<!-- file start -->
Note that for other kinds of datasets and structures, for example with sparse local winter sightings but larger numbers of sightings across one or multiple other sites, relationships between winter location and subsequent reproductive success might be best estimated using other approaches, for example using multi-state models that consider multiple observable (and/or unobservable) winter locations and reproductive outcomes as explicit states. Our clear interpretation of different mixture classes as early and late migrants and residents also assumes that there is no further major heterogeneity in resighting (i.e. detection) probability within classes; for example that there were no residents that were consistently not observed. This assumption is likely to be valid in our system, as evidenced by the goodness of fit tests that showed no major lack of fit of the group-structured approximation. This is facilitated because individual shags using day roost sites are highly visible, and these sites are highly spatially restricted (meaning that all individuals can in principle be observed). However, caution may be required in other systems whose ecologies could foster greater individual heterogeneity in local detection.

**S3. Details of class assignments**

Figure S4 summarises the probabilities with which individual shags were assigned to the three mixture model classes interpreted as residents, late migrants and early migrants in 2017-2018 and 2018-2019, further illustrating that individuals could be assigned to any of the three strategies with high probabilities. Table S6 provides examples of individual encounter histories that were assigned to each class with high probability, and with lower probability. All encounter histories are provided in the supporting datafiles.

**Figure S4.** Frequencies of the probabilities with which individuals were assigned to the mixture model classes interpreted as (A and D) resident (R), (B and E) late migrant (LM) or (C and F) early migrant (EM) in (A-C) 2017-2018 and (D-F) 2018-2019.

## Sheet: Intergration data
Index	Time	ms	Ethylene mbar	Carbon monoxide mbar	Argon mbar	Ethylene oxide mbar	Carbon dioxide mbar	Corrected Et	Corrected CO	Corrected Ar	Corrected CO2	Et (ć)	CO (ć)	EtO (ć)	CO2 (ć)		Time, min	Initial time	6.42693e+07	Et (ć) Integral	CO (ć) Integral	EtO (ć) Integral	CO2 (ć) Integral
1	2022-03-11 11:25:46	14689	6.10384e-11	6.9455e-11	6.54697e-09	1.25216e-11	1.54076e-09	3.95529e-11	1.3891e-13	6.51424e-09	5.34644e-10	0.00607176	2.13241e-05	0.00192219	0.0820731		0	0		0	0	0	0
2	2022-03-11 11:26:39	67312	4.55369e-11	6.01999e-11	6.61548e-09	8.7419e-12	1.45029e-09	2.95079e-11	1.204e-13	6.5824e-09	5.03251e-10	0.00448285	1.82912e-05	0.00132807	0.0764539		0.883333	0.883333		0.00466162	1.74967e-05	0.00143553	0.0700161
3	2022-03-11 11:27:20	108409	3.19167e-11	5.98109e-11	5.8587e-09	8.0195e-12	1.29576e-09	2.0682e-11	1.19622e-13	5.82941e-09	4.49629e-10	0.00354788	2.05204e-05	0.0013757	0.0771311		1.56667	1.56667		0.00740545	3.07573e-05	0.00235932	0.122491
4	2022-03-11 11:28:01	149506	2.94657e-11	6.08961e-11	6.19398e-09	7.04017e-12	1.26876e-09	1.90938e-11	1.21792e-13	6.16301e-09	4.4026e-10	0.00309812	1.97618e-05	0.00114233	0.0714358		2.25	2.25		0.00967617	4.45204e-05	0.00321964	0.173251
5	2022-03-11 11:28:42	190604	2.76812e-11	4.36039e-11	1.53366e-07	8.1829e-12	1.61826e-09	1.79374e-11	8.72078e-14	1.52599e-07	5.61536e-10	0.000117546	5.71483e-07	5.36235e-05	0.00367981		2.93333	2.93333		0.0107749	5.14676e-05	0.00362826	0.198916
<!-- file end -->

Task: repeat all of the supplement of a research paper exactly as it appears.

Note that for other kinds of datasets and structures, for example with sparse local winter sightings but larger numbers of sightings across one or multiple other sites, relationships between winter location and subsequent reproductive success might be best estimated using other approaches, for example using multi-state models that consider multiple observable (and/or unobservable) winter locations and reproductive outcomes as explicit states. Our clear interpretation of different mixture classes as early and late migrants and residents also assumes that there is no further major heterogeneity in resighting (i.e. detection) probability within classes; for example that there were no residents that were consistently not observed. This assumption is likely to be valid in our system, as evidenced by the goodness of fit tests that showed no major lack of fit of the group-structured approximation. This is facilitated because individual shags using day roost sites are highly visible, and these sites are highly spatially restricted (meaning that all individuals can in principle be observed). However, caution may be required in other systems whose ecologies could foster greater individual heterogeneity in local detection.

**S3. Details of class assignments**

Figure S4 summarises the probabilities with which individual shags were assigned to the three mixture model classes interpreted as residents, late migrants and early migrants in 2017-2018 and 2018-2019, further illustrating that individuals could be assigned to any of the three strategies with high probabilities. Table S6 provides examples of individual encounter histories that were assigned to each class with high probability, and with lower probability. All encounter histories are provided in the supporting datafiles.

**Figure S4.** Frequencies of the probabilities with which individuals were assigned to the mixture model classes interpreted as (A and D) resident (R), (B and E) late migrant (LM) or (C and F) early migrant (EM) in (A-C) 2017-2018 and (D-F) 2018-2019.

## Sheet: Intergration data
Index	Time	ms	Ethylene mbar	Carbon monoxide mbar	Argon mbar	Ethylene oxide mbar	Carbon dioxide mbar	Corrected Et	Corrected CO	Corrected Ar	Corrected CO2	Et (ć)	CO (ć)	EtO (ć)	CO2 (ć)		Time, min	Initial time	6.42693e+07	Et (ć) Integral	CO (ć) Integral	EtO (ć) Integral	CO2 (ć) Integral
1	2022-03-11 11:25:46	14689	6.10384e-11	6.9455e-11	6.54697e-09	1.25216e-11	1.54076e-09	3.95529e-11	1.3891e-13	6.51424e-09	5.34644e-10	0.00607176	2.13241e-05	0.00192219	0.0820731		0	0		0	0	0	0
2	2022-03-11 11:26:39	67312	4.55369e-11	6.01999e-11	6.61548e-09	8.7419e-12	1.45029e-09	2.95079e-11	1.204e-13	6.5824e-09	5.03251e-10	0.00448285	1.82912e-05	0.00132807	0.0764539		0.883333	0.883333		0.00466162	1.74967e-05	0.00143553	0.0700161
3	2022-03-11 11:27:20	108409	3.19167e-11	5.98109e-11	5.8587e-09	8.0195e-12	1.29576e-09	2.0682e-11	1.19622e-13	5.82941e-09	4.49629e-10	0.00354788	2.05204e-05	0.0013757	0.0771311		1.56667	1.56667		0.00740545	3.07573e-05	0.00235932	0.122491
4	2022-03-11 11:28:01	149506	2.94657e-11	6.08961e-11	6.19398e-09	7.04017e-12	1.26876e-09	1.90938e-11	1.21792e-13	6.16301e-09	4.4026e-10	0.00309812	1.97618e-05	0.00114233	0.0714358		2.25	2.25		0.00967617	4.45204e-05	0.00321964	0.173251
5	2022-03-11 11:28:42	190604	2.76812e-11	4.36039e-11	1.53366e-07	8.1829e-12	1.61826e-09	1.79374e-11	8.72078e-14	1.52599e-07	5.61536e-10	0.000117546	5.71483e-07	5.36235e-05	0.00367981		2.93333	2.93333		0.0107749	5.14676e-05	0.00362826	0.198916